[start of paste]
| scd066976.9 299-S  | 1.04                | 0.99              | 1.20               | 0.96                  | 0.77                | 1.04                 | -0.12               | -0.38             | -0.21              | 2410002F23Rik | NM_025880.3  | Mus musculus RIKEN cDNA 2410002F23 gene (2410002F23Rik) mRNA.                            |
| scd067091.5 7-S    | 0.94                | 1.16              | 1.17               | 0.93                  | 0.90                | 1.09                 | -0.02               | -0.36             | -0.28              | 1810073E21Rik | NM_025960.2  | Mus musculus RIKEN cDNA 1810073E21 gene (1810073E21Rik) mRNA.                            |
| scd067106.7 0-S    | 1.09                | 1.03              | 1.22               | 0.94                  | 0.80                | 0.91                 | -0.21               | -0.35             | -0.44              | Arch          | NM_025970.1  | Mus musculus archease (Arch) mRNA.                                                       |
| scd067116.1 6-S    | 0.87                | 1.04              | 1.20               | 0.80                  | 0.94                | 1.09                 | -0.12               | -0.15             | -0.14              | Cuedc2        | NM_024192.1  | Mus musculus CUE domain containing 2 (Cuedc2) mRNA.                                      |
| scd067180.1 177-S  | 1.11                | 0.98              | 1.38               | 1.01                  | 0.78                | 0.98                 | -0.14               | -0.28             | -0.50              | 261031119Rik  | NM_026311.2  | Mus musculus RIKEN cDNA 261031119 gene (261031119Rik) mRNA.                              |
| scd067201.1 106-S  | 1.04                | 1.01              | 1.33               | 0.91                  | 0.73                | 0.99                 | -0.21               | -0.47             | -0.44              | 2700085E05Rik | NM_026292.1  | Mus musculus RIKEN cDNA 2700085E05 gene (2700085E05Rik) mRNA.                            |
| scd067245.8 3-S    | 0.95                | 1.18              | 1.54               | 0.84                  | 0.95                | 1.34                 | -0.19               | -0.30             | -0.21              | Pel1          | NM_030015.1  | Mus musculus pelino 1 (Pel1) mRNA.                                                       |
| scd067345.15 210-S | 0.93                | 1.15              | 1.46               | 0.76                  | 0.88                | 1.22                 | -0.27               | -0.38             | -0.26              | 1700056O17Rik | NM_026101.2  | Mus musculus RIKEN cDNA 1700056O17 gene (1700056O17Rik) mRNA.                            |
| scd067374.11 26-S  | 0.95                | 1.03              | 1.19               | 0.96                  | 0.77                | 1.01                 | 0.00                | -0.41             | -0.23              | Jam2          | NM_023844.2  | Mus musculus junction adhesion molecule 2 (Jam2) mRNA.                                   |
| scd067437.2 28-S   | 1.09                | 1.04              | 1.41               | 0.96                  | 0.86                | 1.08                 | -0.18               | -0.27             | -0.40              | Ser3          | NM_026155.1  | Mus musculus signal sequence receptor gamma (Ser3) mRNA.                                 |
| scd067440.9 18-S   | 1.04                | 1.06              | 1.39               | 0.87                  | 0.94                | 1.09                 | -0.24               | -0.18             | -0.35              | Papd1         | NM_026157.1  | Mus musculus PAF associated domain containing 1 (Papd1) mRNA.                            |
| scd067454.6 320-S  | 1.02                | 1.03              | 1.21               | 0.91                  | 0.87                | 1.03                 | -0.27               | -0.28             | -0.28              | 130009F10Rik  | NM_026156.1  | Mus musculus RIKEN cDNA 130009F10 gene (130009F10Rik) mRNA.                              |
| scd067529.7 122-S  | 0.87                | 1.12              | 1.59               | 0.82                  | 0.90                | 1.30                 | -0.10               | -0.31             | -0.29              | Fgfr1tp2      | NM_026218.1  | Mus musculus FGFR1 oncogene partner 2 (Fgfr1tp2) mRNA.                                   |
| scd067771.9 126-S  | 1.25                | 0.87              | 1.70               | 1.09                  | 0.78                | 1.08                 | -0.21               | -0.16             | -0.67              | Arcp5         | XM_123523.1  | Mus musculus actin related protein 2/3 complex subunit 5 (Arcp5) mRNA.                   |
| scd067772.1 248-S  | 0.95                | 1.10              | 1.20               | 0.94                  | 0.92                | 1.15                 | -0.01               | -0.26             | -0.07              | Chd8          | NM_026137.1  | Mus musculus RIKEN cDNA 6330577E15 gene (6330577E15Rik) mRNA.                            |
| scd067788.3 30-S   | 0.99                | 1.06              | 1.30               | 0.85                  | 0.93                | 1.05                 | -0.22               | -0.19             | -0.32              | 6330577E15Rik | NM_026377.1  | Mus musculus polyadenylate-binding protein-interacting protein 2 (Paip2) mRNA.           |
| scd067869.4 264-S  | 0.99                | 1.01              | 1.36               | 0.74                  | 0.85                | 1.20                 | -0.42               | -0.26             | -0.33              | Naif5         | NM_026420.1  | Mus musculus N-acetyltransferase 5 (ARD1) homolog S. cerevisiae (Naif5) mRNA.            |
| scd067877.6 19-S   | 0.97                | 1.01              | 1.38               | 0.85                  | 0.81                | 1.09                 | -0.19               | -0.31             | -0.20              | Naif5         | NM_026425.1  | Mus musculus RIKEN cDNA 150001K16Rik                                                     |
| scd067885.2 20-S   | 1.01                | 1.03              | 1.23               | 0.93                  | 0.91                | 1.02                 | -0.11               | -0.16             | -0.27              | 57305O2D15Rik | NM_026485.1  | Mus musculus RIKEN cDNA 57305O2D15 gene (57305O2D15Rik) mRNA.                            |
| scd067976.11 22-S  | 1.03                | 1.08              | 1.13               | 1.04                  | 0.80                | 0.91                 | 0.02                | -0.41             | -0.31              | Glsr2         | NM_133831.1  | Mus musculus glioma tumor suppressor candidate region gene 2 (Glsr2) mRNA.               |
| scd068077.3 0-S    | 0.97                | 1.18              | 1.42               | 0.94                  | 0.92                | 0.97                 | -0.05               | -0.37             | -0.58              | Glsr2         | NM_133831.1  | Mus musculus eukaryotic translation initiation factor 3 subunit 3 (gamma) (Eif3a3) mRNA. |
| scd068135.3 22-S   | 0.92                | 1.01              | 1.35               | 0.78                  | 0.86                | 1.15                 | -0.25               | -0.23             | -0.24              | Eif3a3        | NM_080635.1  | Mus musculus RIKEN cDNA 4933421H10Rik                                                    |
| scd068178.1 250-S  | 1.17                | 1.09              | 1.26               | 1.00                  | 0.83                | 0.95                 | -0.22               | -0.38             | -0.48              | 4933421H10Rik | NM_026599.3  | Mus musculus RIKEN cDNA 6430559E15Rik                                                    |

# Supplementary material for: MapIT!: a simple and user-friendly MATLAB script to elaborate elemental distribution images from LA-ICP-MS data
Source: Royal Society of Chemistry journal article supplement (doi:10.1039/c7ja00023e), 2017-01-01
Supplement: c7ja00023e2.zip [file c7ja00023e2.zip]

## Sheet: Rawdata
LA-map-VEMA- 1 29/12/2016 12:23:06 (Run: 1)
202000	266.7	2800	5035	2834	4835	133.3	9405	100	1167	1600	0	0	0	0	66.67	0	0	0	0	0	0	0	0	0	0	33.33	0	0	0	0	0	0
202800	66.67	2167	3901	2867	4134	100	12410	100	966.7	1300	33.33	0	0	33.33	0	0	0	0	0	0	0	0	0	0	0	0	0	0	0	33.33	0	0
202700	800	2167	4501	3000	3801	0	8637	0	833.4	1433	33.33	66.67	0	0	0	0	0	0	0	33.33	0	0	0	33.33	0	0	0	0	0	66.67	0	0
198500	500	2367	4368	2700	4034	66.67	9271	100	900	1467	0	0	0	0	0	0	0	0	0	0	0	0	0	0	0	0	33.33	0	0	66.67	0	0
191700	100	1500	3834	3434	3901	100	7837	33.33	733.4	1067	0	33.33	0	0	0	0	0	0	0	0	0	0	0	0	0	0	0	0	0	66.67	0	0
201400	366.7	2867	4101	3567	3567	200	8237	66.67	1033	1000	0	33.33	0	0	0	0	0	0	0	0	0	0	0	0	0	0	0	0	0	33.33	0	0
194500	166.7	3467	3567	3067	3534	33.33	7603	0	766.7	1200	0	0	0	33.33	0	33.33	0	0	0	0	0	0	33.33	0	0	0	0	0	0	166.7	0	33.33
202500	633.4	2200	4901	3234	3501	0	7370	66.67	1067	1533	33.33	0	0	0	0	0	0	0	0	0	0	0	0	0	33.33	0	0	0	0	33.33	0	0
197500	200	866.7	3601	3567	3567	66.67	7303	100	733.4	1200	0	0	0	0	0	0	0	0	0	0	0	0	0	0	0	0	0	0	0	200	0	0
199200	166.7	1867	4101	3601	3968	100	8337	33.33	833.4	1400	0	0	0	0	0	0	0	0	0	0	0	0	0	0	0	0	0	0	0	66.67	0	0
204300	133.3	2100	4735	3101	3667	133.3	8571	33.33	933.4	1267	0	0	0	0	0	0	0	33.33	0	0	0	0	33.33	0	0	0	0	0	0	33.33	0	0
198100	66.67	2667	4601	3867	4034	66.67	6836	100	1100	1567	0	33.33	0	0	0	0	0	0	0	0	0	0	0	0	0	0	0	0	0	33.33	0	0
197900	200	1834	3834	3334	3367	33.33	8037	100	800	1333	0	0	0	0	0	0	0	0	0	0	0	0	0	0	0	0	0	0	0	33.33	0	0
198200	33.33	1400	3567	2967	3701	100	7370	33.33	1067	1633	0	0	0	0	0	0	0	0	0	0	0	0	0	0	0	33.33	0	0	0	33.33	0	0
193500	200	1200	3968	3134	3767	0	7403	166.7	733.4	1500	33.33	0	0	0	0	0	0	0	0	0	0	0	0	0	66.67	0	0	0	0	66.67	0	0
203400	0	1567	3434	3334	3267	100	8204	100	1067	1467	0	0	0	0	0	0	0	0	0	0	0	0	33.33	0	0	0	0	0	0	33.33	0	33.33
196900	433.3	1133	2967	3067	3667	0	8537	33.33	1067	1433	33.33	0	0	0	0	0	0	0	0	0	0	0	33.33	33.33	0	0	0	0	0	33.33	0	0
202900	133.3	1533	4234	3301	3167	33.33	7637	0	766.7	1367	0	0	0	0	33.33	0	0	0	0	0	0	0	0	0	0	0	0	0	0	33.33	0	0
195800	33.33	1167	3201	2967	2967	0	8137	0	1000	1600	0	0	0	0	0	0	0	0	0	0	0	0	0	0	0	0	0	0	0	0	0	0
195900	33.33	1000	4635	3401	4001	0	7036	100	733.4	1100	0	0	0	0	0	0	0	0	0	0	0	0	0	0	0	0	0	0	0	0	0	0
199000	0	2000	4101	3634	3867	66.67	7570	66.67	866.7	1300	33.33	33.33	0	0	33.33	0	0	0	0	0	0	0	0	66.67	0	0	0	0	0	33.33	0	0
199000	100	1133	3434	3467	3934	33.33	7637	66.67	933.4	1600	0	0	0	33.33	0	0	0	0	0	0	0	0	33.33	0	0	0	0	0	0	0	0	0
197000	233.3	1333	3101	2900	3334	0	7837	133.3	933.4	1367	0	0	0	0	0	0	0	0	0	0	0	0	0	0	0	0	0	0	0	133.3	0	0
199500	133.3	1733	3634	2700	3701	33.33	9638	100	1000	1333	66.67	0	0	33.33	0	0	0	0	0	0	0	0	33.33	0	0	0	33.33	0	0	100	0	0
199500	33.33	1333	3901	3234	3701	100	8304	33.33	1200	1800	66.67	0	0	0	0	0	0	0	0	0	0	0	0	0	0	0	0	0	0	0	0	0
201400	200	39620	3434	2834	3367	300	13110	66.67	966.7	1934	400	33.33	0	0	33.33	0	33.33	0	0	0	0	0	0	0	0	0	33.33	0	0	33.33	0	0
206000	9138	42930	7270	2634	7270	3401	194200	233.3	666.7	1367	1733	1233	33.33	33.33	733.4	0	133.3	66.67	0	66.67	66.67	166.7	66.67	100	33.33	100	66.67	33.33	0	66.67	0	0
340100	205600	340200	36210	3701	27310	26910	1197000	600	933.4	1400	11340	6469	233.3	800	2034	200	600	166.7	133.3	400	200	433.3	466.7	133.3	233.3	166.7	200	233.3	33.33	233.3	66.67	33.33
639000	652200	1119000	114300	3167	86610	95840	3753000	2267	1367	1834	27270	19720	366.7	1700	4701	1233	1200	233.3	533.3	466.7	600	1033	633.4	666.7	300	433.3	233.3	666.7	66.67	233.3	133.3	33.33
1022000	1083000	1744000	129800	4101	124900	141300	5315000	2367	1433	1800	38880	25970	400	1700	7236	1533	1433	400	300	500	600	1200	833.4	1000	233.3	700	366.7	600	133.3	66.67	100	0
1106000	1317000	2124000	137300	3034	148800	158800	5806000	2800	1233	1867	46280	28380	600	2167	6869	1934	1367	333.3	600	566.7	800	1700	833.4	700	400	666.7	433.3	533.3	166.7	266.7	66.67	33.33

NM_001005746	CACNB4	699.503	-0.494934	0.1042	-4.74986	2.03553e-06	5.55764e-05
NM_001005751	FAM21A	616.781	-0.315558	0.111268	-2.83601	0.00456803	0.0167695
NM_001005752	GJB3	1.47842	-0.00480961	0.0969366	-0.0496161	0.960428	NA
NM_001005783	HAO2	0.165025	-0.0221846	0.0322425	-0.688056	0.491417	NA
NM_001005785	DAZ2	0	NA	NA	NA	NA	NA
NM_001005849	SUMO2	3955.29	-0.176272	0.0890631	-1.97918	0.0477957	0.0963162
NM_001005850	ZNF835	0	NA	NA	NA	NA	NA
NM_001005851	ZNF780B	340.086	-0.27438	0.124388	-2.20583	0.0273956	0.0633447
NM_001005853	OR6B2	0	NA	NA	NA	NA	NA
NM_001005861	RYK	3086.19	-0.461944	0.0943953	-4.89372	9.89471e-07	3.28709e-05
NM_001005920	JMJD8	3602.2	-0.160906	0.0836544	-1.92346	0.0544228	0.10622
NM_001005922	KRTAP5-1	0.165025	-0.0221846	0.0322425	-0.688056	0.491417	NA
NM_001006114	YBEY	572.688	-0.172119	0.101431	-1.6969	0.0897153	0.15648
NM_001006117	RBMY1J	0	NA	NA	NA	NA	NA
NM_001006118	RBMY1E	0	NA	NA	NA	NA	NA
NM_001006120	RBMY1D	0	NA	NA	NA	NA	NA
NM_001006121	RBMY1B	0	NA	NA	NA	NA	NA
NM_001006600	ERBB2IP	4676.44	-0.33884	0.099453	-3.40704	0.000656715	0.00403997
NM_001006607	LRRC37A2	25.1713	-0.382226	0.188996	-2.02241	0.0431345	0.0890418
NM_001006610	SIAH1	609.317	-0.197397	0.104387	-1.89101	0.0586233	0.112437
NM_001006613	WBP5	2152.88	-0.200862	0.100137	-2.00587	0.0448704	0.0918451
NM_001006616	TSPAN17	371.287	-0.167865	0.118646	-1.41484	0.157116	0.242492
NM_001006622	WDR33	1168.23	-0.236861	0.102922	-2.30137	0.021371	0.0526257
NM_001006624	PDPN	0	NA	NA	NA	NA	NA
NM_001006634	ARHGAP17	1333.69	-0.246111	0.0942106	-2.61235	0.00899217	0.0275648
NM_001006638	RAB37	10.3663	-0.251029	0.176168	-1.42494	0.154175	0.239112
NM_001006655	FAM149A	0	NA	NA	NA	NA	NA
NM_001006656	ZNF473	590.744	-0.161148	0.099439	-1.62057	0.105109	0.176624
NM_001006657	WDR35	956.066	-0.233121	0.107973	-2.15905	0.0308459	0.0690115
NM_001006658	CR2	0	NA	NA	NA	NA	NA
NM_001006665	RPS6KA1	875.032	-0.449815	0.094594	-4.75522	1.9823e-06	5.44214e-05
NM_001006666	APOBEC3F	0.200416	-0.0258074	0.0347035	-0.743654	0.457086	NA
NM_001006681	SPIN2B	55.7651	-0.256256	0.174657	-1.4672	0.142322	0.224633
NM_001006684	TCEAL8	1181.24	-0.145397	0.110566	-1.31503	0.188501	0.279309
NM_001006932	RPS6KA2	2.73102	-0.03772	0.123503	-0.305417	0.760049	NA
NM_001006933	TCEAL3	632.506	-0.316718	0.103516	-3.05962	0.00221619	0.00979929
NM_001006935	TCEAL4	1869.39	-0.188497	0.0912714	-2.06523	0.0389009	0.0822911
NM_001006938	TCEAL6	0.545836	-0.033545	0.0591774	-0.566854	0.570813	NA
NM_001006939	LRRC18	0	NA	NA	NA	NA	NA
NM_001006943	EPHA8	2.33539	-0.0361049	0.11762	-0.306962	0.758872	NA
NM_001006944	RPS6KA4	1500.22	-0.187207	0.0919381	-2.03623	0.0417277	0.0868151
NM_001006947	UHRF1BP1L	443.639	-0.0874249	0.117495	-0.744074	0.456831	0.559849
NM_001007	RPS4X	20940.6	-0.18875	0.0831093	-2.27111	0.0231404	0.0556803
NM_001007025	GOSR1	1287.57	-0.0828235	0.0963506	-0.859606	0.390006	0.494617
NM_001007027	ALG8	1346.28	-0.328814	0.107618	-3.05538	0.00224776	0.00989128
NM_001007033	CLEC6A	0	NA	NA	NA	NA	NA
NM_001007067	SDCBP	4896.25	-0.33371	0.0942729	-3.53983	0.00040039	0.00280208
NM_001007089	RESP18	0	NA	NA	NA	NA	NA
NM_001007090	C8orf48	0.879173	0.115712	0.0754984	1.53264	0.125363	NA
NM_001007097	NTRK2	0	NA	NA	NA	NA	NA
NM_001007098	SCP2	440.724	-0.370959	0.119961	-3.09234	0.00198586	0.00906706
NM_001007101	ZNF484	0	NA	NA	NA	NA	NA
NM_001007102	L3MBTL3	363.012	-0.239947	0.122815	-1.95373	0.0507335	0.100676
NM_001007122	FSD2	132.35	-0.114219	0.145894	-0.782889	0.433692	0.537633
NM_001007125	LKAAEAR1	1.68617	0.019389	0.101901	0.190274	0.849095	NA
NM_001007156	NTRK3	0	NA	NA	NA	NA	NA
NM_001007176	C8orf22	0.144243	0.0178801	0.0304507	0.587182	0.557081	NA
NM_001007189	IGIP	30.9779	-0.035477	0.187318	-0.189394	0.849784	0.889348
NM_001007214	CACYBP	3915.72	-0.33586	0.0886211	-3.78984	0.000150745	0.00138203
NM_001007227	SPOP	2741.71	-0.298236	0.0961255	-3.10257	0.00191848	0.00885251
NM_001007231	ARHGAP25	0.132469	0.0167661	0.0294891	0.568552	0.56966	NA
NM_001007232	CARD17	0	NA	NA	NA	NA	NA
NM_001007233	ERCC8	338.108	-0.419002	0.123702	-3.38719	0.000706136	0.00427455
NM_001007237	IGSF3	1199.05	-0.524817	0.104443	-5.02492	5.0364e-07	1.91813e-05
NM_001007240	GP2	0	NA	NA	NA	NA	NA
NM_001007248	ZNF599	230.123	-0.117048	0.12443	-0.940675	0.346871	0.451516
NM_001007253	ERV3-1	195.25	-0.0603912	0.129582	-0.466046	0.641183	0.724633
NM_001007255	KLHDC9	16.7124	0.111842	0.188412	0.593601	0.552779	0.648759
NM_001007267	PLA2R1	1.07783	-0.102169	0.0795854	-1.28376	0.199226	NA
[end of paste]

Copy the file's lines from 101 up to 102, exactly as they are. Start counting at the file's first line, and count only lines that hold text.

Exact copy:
NM_001006947	UHRF1BP1L	443.639	-0.0874249	0.117495	-0.744074	0.456831	0.559849
NM_001007	RPS4X	20940.6	-0.18875	0.0831093	-2.27111	0.0231404	0.0556803